Crowden History, Family Crest & Coats of Arms
The Crowden surname means "a professional player, or entertainer of a crowd," a crowd being the name of a six string violin popular in the British Isles for many centuries. The instrument is still called a 'crwth' in Wales today, and in Ireland a "cruit." In the west of England a fiddle is still called a 'crowdy-kit'. "It appears to have been a favourite instrument in Britain so early as the VI century." 
Early Origins of the Crowden family
The surname Crowden was first found in Yorkshire, where the Yorkshire Poll Tax Rolls of 1379 list Katerina Crowder and Thomas Crouder. These are the strongest listings of the name but there are others. The Hundredorum Rolls of 1273 list Richard le Cruder in Kent and later William le Crouther was listed in Cheshire. 
Early History of the Crowden family
This web page shows only a small excerpt of our Crowden research. Another 103 words (7 lines of text) covering the years 1830, 1874, 1588, 1666, 1609, 1611, 1642 and 1646 are included under the topic Early Crowden History in all our PDF Extended History products and printed products wherever possible.
Crowden Spelling Variations
Spelling variations of this family name include: Crowder, Crouder, Croder and others.
Early Notables of the Crowden family (pre 1700)
Another 47 words (3 lines of text) are included under the topic Early Crowden Notables in all our PDF Extended History products and printed products wherever possible.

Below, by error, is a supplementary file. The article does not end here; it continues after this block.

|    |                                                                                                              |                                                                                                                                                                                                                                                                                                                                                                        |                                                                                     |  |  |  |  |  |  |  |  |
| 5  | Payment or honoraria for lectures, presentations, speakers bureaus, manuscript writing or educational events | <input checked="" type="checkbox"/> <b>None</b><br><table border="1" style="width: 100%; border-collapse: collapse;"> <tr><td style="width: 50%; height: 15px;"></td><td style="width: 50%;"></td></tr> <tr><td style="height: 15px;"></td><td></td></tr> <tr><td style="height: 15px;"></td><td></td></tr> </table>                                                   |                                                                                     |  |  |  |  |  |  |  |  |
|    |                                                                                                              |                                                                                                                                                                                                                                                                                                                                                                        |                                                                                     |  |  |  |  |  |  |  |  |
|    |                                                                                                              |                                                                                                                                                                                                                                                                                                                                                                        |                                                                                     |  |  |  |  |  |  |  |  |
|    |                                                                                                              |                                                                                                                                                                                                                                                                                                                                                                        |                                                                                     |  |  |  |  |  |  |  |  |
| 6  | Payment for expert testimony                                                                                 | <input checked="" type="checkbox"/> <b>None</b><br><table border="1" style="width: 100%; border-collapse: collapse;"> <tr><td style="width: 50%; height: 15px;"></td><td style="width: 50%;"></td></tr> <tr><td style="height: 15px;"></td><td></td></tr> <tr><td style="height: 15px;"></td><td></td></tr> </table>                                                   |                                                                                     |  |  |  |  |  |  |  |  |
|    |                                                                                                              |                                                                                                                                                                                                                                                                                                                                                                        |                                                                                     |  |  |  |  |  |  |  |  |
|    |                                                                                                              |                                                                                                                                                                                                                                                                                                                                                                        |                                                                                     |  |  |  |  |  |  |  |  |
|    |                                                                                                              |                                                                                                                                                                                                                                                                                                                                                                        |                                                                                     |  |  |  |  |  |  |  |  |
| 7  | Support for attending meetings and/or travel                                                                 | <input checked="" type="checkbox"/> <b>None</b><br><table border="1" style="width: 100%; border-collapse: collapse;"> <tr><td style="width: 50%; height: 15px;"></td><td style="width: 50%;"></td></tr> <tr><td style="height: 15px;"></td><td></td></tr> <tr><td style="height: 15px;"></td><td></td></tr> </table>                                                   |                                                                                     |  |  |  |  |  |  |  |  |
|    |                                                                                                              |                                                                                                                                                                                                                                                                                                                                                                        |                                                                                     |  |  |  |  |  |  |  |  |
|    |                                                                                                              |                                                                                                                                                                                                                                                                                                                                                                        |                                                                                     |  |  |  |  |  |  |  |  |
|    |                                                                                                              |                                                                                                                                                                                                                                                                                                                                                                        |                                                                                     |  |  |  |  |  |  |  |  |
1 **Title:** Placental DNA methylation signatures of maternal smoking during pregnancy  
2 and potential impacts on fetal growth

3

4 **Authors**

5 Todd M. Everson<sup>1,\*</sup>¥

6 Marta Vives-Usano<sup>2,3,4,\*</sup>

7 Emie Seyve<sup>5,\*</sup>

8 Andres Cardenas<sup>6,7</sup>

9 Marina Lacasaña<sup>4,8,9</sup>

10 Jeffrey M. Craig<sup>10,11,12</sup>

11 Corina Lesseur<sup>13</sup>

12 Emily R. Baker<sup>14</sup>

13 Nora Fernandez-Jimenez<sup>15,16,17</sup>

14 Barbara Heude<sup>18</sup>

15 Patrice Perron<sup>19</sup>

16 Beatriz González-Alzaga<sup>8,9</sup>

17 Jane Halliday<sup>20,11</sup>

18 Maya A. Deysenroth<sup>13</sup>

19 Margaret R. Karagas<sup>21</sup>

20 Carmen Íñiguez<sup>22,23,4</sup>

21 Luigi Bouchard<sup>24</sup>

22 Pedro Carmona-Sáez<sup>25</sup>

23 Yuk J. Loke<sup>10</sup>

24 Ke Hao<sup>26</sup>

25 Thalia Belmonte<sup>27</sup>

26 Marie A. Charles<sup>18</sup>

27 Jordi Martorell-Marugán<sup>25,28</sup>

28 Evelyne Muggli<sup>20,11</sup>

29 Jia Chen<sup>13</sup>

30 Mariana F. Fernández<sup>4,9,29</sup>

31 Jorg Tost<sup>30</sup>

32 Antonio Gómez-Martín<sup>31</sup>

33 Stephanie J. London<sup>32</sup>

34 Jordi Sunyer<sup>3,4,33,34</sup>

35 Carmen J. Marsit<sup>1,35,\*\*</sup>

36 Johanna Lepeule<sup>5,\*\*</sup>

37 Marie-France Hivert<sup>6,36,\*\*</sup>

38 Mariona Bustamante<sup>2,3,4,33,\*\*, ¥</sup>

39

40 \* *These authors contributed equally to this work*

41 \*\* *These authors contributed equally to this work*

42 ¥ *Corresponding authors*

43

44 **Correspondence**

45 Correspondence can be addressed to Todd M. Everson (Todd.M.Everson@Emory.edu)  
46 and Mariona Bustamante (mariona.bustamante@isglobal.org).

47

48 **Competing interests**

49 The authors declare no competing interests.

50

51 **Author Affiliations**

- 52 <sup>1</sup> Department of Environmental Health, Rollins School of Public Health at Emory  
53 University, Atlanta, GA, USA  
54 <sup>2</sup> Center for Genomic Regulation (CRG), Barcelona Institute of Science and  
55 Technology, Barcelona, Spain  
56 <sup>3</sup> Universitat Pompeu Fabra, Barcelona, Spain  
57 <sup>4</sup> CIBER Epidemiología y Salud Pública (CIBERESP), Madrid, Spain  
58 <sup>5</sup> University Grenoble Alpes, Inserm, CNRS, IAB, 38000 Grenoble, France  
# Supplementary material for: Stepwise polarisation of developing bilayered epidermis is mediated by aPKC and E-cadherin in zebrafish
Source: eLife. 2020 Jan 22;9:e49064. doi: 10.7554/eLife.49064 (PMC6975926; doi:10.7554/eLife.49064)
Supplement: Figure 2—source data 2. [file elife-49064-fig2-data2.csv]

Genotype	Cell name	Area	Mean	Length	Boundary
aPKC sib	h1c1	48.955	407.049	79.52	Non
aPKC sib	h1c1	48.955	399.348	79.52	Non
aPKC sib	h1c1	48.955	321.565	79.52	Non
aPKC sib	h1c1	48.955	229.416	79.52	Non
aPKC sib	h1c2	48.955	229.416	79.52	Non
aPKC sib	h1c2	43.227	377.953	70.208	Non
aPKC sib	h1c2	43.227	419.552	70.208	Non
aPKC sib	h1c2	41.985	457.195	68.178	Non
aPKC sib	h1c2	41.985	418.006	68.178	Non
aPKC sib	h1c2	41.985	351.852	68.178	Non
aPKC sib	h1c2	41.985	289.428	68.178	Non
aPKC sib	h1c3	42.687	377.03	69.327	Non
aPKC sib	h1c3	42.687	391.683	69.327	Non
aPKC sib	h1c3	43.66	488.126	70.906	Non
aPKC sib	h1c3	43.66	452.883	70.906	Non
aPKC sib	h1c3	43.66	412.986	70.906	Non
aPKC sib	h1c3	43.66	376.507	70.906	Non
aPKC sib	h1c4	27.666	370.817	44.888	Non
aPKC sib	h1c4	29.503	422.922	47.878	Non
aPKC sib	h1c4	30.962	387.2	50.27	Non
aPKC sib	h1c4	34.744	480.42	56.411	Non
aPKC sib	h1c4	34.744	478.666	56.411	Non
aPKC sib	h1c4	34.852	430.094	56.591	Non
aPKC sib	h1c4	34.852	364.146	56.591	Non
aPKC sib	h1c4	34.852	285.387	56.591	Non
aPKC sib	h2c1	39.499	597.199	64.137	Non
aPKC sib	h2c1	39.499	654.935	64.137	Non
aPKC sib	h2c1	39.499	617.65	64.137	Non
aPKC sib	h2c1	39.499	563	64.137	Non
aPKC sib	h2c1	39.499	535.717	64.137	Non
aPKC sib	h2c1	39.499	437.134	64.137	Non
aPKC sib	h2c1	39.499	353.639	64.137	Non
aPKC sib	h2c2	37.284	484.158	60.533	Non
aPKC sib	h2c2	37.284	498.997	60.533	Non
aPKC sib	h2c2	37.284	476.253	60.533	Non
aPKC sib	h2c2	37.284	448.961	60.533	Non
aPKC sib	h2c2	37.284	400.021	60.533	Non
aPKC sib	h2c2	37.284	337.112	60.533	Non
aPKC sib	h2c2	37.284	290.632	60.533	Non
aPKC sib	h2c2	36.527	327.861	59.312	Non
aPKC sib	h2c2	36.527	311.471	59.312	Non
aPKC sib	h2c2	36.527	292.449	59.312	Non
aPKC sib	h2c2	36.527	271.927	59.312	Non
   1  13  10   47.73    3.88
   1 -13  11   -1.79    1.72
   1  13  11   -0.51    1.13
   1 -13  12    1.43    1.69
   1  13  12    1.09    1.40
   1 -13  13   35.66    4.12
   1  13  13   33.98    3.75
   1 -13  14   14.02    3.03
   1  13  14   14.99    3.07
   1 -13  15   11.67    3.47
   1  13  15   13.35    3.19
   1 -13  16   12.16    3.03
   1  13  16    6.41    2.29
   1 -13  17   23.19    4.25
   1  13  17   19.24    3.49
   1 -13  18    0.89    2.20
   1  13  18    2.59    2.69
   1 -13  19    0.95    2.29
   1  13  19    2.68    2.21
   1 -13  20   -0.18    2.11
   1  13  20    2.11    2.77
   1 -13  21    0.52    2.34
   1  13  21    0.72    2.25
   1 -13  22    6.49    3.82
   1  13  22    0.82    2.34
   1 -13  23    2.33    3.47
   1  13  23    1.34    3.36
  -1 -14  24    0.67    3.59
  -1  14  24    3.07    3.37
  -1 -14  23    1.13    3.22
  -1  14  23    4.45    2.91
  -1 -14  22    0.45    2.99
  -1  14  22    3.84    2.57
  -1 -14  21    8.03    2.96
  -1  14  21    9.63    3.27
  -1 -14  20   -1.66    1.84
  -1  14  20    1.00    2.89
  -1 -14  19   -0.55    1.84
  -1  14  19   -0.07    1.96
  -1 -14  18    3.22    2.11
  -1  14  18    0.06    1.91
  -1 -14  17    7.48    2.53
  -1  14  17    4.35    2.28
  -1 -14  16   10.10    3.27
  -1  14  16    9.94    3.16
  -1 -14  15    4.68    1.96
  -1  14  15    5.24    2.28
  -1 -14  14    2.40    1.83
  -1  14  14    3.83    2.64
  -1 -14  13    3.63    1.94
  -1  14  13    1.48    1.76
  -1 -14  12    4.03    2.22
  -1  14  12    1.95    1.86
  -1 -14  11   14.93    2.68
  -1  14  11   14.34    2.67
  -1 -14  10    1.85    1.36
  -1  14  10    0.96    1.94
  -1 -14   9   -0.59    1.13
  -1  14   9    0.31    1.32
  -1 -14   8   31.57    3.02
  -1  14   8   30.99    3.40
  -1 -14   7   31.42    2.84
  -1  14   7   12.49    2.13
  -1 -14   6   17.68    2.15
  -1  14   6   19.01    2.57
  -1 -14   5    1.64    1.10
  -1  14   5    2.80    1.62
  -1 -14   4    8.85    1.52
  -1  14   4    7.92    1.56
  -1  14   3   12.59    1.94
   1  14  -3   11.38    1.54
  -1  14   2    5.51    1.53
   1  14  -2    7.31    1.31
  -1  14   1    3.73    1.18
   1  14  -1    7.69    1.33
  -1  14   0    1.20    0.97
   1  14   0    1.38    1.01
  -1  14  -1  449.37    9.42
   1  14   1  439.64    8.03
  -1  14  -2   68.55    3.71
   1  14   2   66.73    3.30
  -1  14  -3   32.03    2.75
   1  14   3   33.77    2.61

Migration of the Crowden family to Ireland
Some of the Crowden family moved to Ireland, but this topic is not covered in this excerpt.
Migration of the Crowden family
Some of the first settlers of this family name or some of its variants were: John Crowther who settled in New Hampshire in 1631; Elizabeth James and Mary Crowthers settled in Richmond, Virginia in 1820; Thomas Crowder settled in Barbados in 1634 and later transferred to the mainland.
The motto was originally a war cry or slogan. Mottoes first began to be shown with arms in the 14th and 15th centuries, but were not in general use until the 17th century. Thus the oldest coats of arms generally do not include a motto. Mottoes seldom form part of the grant of arms: Under most heraldic authorities, a motto is an optional component of the coat of arms, and can be added to or changed at will; many families have chosen not to display a motto.
Motto: En Dieu est ma fiance
Motto Translation: In God is my trust.